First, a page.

Coming in to this season, the Vancouver Canucks have high expectations.
The highest, in fact, of all the Canadian teams.
Edmonton fans are just hoping that their team remains competitive for the entire season. Before a 4-0 start, fans of the Toronto Maple Leafs were hoping that 10th or better was a reality.
Now those who mock Leaf fans are making the "they're planning the parade" jokes.
Ottawa came into the season eying a playoff spot, but they also had to wonder if their team could keep a goalie healthy for more than five games. Montreal was in the same position, although the over/under on Carey Price suffering a mental breakdown was three weeks.
Then there were the Flames, whose fans were just simply confused at what happened during the offseason.
The Canucks, meanwhile, have one of the best goalies in the league, the reigning Art Ross and Hart trophy winner, his twin brother, one of the prized free agent defenseman from this off-season to augment one of the deeper defenses, and cap-trouble that no one really needs to talk about until their two long-term injuries are healthy enough to come back.
Other than the cap-space thing, that sounds pretty good.
1) Daniel Sedin Outproduces Henrik
Henrik got an unfair advantage on Daniel last year when he was felled by injury.
With the whole "Twin thing" in full effect, Daniel finishes with 30 points more than Henrik so that they're near-identical in terms of career points. I would say this is a joke, but last year was the first time ever that they finished more than 12 points apart to finish a season (27 points).
In fact, they've been five points or closer in their year-end totals six times in nine seasons. Weird.
2) Mikael Samuelsson Drops Back to 22 Goals
Samuelsson was the big breakout performer that everybody predicted last year, and they got their wish: The 33-year-old had his first 30-goal season, shattering his previous career-high by seven.
Some are probably expecting him to do it again, while others will take a "wait-and-see" approach to see if he can repeat it, or if he's a solid player who simply hit it big once. I'm thinking it's the second one.
3) Cody Hodgson Finds His Way to the NHL by January
Hodgson is really too talented to keep down.
He's been held off the scoresheet to start this AHL season, but don't expect that to last either. Keep in mind he had 20 points in 13 OHL games last year after missing the entire season with a back injury, that many THIS offseason had debilitating his career.
Why people said that, I'm not sure (because it's not like he's been out of hockey for a calendar year). But even if he doesn't get that call-up, he's one to keep an eye on.
4) Christian Ehrhoff Hits 45 points and 15 goals
Did you know that he was 12th among defensemen in shots taken last year, had the fifth-most points of those 12 and had the third-most goals?
He's had back-to-back 40-point campaigns, so that shouldn't be a problem, and 14 goals in 80 games? Who says he can't tack on one more?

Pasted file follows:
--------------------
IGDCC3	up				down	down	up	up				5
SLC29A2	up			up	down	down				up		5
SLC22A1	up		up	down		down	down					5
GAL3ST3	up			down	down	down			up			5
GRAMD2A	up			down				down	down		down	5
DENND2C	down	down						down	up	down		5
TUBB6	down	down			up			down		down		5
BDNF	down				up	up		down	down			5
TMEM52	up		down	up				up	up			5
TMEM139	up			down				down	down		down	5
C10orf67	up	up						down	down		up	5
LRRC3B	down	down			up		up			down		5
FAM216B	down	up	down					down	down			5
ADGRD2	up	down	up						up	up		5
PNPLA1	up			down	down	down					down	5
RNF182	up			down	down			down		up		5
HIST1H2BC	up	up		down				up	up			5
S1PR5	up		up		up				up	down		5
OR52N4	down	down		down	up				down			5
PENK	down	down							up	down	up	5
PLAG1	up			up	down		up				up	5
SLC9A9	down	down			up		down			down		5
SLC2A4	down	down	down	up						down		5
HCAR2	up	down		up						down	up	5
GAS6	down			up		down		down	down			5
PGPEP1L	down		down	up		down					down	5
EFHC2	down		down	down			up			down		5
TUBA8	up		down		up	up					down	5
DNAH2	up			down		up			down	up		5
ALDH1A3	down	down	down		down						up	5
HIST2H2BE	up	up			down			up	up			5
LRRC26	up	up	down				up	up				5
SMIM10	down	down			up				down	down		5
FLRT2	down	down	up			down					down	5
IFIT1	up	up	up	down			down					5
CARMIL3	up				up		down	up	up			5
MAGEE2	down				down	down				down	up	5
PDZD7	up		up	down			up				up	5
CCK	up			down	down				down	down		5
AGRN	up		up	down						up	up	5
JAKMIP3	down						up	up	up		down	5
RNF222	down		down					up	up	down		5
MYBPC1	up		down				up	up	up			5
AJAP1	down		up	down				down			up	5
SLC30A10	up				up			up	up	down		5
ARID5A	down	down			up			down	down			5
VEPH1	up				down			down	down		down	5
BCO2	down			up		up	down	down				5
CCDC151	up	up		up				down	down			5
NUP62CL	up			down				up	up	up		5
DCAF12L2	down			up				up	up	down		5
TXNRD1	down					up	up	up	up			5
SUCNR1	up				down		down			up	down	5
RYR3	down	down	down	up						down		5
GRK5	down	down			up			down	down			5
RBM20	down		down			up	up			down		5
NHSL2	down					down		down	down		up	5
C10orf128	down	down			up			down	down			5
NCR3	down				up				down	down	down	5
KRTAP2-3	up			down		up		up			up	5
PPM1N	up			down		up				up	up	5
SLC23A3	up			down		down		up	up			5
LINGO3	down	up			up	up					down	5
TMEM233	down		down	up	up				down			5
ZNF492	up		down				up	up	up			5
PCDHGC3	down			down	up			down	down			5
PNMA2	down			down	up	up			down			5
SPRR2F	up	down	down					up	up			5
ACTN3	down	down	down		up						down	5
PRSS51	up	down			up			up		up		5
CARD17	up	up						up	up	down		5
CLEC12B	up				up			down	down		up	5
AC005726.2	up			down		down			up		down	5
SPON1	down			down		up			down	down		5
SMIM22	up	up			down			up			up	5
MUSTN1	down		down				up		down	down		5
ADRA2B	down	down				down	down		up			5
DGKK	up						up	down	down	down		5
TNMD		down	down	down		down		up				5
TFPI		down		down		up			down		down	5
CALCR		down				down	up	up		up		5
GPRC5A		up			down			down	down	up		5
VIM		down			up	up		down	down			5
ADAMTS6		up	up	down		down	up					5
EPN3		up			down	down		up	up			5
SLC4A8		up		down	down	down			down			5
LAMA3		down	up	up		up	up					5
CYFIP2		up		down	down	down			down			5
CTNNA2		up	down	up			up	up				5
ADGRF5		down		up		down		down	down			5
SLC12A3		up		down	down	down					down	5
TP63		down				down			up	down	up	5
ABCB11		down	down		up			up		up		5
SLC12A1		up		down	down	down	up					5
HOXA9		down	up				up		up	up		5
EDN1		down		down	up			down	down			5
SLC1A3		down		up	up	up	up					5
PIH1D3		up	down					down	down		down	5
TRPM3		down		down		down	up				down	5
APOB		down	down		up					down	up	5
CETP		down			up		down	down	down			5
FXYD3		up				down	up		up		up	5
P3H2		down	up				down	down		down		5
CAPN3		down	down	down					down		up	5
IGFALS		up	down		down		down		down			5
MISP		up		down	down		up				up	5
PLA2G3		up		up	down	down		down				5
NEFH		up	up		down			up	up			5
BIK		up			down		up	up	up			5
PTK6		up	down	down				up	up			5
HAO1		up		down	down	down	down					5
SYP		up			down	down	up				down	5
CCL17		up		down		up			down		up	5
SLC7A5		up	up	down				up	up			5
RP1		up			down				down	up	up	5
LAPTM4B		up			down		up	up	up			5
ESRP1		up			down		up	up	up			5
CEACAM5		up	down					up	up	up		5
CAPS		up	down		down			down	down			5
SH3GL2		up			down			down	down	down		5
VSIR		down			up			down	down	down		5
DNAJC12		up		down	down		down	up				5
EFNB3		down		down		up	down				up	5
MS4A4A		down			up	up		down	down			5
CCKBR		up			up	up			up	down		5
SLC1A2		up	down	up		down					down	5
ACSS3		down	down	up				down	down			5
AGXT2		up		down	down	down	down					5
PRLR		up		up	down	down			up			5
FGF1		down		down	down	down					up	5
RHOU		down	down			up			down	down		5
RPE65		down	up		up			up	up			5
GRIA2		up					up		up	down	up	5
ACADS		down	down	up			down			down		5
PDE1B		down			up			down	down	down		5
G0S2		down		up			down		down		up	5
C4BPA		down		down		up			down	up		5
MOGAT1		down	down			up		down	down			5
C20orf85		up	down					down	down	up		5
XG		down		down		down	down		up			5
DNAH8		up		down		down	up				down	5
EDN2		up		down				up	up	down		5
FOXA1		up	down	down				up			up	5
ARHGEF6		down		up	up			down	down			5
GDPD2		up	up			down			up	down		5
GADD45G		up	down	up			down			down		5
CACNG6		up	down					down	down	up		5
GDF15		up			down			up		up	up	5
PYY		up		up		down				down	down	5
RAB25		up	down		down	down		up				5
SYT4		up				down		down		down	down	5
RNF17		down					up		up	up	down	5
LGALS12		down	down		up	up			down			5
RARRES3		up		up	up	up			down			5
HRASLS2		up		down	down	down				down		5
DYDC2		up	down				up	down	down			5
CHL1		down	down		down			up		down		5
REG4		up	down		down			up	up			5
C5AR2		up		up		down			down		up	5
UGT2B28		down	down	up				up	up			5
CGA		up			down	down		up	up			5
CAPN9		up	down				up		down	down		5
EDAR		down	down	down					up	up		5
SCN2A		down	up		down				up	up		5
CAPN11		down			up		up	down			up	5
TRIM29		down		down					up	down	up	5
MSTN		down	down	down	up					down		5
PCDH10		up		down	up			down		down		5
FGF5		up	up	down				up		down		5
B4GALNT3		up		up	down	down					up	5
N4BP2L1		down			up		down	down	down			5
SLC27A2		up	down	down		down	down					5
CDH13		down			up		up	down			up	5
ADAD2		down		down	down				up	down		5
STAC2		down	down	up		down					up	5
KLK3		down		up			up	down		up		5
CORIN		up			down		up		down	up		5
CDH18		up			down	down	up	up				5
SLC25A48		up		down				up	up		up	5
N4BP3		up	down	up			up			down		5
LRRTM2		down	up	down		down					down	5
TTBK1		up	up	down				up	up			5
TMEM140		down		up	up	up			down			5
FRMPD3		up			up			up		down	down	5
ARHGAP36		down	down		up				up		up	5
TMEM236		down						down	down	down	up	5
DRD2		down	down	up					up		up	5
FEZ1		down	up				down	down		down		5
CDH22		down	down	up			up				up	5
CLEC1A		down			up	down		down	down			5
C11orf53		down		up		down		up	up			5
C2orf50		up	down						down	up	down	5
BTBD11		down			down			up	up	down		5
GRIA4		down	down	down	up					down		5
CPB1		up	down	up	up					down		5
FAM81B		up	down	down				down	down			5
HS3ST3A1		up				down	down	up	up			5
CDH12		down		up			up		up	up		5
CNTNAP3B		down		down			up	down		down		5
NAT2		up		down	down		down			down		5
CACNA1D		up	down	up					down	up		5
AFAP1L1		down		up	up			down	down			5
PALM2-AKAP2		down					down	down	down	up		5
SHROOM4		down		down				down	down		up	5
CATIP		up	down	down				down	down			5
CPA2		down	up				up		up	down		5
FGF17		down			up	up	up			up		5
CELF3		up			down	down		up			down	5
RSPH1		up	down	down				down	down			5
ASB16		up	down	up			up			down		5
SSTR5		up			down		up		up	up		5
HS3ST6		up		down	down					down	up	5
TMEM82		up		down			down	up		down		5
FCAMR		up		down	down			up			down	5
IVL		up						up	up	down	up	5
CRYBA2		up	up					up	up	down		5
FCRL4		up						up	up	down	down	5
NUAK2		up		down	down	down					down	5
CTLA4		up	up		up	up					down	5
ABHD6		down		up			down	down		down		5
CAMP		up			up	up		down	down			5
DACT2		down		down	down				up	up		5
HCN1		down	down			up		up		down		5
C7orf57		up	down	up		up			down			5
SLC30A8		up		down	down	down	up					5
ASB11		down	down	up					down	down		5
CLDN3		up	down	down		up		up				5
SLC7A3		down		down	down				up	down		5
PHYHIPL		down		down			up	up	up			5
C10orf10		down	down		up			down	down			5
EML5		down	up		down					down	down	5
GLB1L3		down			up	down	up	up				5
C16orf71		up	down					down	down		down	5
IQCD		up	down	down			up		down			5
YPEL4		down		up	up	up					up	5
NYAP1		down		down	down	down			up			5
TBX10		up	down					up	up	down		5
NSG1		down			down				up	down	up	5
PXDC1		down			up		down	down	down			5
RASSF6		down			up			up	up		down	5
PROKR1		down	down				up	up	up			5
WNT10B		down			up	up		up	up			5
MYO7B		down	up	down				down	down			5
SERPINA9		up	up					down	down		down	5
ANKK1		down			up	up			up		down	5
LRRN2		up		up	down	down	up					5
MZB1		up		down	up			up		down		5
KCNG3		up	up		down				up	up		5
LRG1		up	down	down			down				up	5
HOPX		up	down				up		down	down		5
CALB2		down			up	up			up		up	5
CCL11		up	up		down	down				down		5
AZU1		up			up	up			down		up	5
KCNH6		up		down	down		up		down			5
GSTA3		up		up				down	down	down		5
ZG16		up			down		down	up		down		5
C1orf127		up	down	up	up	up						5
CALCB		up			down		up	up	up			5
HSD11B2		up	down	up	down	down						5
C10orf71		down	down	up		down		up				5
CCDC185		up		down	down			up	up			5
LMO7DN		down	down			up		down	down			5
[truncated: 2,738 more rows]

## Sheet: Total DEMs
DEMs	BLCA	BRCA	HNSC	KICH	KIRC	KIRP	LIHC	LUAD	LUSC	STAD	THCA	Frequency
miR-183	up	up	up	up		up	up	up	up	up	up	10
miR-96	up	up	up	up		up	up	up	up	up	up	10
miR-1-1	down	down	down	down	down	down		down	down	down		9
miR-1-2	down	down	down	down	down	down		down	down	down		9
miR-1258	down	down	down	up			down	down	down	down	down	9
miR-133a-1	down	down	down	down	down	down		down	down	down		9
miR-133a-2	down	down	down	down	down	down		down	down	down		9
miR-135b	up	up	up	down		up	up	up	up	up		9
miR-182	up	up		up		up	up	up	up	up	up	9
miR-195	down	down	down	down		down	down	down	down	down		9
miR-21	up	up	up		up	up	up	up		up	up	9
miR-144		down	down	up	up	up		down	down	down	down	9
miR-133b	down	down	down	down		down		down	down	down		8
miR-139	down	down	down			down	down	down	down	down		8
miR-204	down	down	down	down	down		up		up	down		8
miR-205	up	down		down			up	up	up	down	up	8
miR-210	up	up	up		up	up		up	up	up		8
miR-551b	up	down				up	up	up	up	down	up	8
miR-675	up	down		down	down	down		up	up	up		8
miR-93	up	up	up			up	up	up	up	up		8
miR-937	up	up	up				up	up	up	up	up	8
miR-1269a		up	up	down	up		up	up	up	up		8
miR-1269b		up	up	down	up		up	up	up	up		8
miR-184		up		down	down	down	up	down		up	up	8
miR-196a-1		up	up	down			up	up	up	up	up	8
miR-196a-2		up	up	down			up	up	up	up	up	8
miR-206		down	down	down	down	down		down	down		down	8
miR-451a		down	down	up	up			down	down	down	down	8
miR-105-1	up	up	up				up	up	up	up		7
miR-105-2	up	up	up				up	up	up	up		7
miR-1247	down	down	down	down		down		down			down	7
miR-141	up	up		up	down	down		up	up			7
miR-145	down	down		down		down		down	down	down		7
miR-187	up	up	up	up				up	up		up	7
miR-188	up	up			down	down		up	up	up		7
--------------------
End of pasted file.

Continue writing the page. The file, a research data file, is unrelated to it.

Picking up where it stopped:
5) Dan Hamhuis Barely Creeps past 30
I've been a fan of Hamhuis for years, but he's gone from sitting behind Ryan Suter and Shea Weber to playing behind Ehrhoff and Alexander Edler.
While the 1:17 of power-play time a game should also go up a bit as the season wears on, anything monumental on the offensive side of things looks unlikely for now.
6) Daniel Sedin Takes the Team Lead in Power-Play Goals
He was four off leading the team last year behind Ryan Kesler's 12, and he played 19 fewer games.
If he's going to have a big year, it's more than likely he knocks off the man who's led the team in that category each of the past two seasons (Kesler) on the way to that big year.
7) Mason Raymond Finishes with More Goals than Kesler
Apparently I've decided to pick on Ryan Kesler.
Originally, this was Alexandre Burrows getting trumped by Raymond, but he decided to go and get hurt, so Kesler takes his place. Obviously, with the injury to Burrows, Raymond's responsibilities go up, as do the expectations.
Is it a lot to expect from a fourth-year pro who scored 20 for the first time last year? Yes—especially considering that Kesler has at least 20 each of the past three years—but this is the time to prove that it wasn't a fluke.
8) Ryan Parent Gets Traded Twice More
Poor guy. He never seems to get settled in anywhere.
9) Manny Malhotra, Raffi Torres, and Dan Hamhuis Improve the Penalty Kill
Malhotra and Torres are far less glorified signings than Hamhuis was, but they're two veterans who know how to get it done in their own end with toughness and an edge.
An overlooked aspect of the penalty kill is having an agile puck-moving defender who can get to loose pucks quickly and dump them out, which is what Hamhuis should be able to provide the team.
10) The Canucks Finish Closer to the 2008-09 Team Goal Total than the 2009-10 One
The Canucks scored 243 goals that year, which should be a more realistic total than last year's 260+.
That's counting a Burrows injury and a Samuelsson re-adjustment, while Jannik Hansen, Tanner Glass, and Jeff Tambellini will chip in every so often.
The Stretch (Remember to Laugh):
Roberto Luongo, missing the team captaincy, pre-empts all of Henrik Sedin's pregame speeches WWE style.
Fed up with it, Sedin challenges Luongo to a standoff at centre ice. Luongo, remembering his time in Florida, does this.
Bryan Thiel is a senior writer and a columnist for Hockey54.com—The Face of the Game! If you want to get in contact with Bryan, you can e-mail him at firstname.lastname@example.org. You can also follow him on Twitter at BryanThiel_88.